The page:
Basics of a Kitchen Design

How the Kitchen Triangle Works

 

L-Shaped Kitchen

A kitchen with two usable walls at right angles to each other can have cabinets and/or appliances on that side of the room. This corner can be outside the main traffic flow paths if the door location permits. This plan requires a corner cabinet set (base and wall).

 

U-Shaped Kitchen

These kitchens have cabinets and/or appliances on three sides of the room. This layout can also be outside the main traffic flow paths, depending on where the doors to the room are placed. This plan requires multiple corner cabinet sets (base and wall).

 

G-Shaped Kitchen

These kitchens are similar to the U-shaped, but adds a partial “fourth” wall or peninsula, increasing the overall area for more cabinets, storage and countertop space (base and wall).

 

Galley Kitchen

Two parallel walls give you a galley kitchen — an efficient and economical layout (especially for a single cook) with the possible drawback of traffic flow through the work triangle. There are no corner cabinets in this layout.

 

Single-Wall Kitchen

The simplest kitchen layout is laid out along a single wall. There are no corner cabinets necessary in this layout.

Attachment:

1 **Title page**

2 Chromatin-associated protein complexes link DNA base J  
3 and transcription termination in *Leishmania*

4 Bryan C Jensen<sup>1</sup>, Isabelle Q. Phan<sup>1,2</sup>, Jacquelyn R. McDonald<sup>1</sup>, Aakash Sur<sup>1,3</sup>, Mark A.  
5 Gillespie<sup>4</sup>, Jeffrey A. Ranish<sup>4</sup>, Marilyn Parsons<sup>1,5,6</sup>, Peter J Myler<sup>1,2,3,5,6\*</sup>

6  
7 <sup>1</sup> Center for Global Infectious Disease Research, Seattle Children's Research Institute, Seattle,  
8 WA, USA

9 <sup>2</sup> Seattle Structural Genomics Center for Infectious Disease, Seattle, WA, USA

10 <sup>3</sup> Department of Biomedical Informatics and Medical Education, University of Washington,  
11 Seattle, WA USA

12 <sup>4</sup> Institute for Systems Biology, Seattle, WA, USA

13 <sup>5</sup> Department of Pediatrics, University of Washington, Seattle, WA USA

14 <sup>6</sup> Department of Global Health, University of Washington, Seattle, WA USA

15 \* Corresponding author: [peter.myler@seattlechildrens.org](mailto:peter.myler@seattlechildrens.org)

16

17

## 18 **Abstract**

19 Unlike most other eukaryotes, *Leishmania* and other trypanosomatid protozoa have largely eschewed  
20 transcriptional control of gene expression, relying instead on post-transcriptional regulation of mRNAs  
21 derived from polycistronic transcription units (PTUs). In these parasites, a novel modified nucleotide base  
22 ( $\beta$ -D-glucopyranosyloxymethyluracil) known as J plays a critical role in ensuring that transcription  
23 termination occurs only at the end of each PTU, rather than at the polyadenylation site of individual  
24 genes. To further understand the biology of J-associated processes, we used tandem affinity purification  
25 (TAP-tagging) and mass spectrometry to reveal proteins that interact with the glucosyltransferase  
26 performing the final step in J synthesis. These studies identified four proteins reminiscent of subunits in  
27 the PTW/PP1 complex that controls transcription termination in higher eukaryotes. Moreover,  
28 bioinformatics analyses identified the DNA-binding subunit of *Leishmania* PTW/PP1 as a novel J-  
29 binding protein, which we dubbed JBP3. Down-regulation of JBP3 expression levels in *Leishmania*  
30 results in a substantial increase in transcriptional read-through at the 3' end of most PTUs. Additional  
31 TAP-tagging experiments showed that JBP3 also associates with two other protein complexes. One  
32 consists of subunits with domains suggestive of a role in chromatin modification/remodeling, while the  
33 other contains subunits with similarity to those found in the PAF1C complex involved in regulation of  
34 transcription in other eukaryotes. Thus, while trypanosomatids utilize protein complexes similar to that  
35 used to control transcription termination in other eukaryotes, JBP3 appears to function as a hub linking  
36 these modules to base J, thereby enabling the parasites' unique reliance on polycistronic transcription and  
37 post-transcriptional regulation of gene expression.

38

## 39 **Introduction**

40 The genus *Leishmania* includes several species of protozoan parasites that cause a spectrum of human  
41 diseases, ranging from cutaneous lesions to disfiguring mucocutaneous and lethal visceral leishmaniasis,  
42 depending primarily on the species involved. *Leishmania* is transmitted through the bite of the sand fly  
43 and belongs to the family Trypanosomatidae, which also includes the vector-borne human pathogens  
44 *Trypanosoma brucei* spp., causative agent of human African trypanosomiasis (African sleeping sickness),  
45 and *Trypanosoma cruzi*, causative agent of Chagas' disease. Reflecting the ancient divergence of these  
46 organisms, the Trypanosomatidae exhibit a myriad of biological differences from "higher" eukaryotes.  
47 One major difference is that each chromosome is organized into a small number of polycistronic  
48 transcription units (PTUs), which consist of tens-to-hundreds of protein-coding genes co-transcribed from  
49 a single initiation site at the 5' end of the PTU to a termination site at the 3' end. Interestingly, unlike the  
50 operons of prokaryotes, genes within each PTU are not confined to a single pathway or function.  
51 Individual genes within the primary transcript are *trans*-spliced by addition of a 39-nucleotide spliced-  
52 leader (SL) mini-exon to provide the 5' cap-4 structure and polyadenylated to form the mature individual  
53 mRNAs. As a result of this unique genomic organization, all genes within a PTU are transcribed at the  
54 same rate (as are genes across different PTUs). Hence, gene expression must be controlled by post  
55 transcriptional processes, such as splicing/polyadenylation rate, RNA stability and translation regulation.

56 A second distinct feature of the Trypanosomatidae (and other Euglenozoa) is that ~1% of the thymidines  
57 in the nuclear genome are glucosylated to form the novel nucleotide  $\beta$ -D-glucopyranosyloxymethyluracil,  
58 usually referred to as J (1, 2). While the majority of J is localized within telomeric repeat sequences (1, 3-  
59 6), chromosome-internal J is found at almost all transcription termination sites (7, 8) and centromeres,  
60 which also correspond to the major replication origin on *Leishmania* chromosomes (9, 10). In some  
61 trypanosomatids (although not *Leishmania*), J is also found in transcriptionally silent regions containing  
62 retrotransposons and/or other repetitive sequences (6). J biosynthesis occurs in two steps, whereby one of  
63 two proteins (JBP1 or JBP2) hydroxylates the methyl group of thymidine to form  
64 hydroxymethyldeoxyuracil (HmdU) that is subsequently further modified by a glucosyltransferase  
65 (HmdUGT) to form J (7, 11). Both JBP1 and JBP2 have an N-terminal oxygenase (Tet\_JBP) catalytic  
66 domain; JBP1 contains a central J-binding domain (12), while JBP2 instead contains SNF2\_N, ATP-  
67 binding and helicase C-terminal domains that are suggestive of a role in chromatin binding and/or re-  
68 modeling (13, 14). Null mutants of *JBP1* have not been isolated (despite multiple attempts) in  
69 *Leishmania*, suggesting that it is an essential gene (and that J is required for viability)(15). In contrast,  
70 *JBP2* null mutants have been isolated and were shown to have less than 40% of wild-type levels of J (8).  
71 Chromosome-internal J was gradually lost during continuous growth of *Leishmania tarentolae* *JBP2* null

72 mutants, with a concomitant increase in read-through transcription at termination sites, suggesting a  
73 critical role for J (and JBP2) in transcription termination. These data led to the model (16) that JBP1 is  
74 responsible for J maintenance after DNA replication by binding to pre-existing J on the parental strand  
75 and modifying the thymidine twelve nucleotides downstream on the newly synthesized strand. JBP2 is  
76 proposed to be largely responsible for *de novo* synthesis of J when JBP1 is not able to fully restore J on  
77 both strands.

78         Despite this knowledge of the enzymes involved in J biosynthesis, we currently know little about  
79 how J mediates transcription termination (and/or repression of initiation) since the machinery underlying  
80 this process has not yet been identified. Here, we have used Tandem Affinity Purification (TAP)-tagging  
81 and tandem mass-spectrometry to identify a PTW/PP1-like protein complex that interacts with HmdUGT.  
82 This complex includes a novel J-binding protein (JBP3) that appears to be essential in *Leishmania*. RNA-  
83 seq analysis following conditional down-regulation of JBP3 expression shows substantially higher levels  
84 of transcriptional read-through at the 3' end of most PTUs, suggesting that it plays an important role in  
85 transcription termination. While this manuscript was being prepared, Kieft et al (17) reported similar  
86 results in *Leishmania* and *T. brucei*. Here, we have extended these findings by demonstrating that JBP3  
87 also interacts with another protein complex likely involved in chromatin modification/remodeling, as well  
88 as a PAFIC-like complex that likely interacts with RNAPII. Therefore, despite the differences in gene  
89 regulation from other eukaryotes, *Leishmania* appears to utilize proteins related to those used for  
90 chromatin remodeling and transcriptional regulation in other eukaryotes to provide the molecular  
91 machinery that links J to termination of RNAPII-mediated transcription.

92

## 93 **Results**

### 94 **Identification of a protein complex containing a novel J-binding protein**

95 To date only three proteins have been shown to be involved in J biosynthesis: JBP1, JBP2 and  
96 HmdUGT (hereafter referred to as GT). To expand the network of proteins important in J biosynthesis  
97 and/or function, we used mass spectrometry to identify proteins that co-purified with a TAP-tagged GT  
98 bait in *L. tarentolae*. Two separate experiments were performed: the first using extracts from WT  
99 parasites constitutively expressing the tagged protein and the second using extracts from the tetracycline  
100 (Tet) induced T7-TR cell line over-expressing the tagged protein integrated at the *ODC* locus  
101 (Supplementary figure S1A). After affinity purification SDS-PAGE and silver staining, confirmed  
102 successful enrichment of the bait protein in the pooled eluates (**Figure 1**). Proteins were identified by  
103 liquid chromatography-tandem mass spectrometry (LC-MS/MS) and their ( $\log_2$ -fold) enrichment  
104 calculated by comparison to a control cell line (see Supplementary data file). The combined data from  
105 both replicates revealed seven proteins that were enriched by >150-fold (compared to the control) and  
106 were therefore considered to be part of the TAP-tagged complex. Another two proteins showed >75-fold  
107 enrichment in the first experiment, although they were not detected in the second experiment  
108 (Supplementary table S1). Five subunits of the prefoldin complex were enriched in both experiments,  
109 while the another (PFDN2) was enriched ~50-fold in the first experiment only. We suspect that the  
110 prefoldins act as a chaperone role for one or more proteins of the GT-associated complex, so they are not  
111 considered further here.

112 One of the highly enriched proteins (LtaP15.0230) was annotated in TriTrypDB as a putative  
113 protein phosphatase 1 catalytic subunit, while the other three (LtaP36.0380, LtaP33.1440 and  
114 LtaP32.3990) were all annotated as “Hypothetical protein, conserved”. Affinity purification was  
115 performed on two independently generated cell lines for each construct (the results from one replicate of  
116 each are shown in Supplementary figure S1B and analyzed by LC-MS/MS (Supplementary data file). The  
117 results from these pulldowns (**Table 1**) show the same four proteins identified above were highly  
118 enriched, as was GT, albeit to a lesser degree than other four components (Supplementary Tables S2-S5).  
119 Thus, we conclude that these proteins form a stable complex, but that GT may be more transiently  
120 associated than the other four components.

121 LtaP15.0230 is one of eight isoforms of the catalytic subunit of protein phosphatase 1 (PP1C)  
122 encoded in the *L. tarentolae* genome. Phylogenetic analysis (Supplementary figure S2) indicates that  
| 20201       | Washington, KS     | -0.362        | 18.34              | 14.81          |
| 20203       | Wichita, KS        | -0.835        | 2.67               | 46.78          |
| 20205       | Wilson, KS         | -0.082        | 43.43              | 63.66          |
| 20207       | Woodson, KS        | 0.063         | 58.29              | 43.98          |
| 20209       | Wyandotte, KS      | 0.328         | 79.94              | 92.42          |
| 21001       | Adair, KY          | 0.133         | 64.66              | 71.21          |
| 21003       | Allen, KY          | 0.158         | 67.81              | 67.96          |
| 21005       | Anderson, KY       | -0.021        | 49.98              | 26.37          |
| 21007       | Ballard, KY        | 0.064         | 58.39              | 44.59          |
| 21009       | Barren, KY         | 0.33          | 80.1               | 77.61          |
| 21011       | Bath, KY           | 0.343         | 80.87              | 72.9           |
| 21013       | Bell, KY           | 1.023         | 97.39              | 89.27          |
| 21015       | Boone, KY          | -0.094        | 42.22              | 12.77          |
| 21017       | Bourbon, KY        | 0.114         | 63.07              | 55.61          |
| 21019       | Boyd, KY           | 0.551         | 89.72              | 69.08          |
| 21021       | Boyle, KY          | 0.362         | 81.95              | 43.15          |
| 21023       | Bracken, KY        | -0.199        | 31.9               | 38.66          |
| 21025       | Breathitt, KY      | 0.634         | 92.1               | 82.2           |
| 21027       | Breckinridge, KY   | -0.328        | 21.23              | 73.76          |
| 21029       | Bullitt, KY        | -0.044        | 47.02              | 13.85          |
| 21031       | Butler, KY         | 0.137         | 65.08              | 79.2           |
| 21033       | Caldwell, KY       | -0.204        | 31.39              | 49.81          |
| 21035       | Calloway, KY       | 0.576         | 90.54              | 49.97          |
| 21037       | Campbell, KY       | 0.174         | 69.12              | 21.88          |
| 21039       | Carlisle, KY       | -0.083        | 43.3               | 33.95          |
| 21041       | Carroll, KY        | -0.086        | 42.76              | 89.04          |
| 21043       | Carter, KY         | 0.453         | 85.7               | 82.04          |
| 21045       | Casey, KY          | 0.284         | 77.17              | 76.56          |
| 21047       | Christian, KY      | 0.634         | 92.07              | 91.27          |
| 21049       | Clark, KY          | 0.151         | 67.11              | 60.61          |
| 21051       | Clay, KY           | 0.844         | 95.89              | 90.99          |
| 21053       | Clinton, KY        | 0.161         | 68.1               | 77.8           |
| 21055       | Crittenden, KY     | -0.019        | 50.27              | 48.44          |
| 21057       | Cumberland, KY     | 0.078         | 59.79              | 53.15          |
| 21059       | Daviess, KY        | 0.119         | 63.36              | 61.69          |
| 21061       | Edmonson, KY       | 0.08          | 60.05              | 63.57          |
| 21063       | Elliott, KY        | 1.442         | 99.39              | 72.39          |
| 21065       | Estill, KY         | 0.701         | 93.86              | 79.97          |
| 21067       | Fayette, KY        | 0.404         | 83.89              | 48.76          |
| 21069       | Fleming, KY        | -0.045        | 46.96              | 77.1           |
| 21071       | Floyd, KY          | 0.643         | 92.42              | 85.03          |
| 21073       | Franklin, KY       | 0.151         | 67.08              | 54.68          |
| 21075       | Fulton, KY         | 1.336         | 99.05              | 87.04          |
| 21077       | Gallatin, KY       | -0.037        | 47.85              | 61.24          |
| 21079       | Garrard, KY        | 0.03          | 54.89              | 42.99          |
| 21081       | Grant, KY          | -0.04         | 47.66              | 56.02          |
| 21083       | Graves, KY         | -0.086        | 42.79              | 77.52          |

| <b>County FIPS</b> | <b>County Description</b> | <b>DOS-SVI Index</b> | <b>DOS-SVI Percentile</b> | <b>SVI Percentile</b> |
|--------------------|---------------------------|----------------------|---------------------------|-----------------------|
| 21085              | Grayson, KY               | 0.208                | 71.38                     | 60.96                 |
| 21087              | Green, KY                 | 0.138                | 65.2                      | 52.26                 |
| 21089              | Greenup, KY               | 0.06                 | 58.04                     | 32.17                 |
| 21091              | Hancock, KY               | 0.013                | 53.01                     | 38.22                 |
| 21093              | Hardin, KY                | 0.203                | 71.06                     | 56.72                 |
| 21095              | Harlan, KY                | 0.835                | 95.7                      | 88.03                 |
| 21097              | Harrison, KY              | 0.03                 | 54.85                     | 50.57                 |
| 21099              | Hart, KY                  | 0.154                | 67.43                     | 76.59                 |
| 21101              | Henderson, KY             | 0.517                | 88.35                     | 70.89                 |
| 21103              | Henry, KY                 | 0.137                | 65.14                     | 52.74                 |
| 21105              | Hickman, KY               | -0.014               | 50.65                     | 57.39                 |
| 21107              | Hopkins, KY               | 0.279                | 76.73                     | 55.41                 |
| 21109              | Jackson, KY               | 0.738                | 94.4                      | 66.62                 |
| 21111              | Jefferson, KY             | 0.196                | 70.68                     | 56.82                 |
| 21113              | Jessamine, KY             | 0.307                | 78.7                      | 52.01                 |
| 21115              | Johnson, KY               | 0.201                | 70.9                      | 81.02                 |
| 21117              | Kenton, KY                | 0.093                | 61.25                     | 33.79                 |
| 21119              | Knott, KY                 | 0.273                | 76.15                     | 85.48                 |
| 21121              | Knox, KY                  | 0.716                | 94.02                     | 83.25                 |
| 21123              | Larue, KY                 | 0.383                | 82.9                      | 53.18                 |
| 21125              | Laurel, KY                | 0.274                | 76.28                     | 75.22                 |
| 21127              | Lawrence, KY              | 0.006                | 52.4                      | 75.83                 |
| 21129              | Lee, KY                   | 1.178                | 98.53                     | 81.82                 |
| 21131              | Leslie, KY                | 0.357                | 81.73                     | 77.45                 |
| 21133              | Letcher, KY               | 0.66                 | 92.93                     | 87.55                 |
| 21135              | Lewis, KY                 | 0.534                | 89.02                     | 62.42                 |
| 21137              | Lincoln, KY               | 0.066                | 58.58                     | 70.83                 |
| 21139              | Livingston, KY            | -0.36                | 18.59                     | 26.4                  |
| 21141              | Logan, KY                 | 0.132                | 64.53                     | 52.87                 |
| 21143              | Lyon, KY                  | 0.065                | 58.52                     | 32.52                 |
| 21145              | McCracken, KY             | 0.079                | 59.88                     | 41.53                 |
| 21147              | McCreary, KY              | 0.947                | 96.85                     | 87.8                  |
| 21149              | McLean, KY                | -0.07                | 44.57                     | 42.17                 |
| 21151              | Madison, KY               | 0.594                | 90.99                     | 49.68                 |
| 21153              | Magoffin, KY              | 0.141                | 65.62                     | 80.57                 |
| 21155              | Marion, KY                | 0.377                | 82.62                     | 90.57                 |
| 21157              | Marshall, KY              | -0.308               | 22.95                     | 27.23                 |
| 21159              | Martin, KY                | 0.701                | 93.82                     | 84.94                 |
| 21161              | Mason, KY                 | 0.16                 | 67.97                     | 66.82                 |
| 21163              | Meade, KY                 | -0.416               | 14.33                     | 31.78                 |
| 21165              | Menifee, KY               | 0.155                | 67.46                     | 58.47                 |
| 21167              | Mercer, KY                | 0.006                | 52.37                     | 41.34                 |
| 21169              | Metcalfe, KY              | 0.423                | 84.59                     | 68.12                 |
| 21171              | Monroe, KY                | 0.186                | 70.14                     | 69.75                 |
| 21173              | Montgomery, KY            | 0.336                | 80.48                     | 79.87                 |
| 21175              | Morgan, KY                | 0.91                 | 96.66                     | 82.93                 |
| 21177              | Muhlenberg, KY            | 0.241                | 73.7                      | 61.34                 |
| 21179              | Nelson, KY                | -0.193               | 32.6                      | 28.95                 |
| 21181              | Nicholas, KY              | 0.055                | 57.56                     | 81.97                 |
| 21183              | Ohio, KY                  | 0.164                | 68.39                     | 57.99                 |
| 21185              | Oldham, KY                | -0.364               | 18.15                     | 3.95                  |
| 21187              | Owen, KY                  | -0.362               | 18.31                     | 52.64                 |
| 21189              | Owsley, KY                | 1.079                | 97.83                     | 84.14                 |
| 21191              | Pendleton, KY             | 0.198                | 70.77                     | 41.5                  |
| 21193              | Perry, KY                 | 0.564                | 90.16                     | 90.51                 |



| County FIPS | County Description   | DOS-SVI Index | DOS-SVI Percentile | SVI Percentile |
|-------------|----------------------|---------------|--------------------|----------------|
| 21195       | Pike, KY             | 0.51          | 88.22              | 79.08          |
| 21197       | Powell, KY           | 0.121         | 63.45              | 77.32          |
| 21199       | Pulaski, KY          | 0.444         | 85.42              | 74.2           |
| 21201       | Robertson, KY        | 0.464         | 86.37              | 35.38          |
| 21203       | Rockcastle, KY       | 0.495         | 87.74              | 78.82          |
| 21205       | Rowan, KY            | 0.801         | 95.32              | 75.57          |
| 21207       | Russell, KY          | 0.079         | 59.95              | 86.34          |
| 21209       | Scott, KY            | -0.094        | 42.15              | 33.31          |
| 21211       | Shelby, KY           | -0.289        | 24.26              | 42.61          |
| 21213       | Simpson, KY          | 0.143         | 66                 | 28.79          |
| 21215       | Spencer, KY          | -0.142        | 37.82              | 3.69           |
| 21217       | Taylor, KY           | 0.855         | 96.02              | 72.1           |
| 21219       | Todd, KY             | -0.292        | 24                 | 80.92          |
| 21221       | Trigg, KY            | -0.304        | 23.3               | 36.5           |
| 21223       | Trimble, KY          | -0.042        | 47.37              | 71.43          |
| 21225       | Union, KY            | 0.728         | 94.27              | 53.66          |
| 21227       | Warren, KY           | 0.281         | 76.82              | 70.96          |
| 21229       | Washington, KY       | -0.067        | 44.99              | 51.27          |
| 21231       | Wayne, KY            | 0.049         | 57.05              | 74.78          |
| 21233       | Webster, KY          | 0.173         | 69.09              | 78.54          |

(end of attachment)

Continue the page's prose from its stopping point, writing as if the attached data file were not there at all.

Other Kitchen additions:

 

Island

If the kitchen is large enough, a center island can be added to any of these basic shapes to improve work flow, protect the work area from traffic, and add storage and counter space.  As a freestanding working station it can incorporate a sink, a cooktop, or both, depending on the size.

 

Peninsula

If the kitchen is large enough along one wall, a peninsula can be added to improve work flow, protect the work area from traffic, and add storage and counter space.  Peninsulas can be room dividers and serve also as a breakfast bar or buffet area, similar to an island but attached to the rest of the kitchen and without the need of as much space.

 

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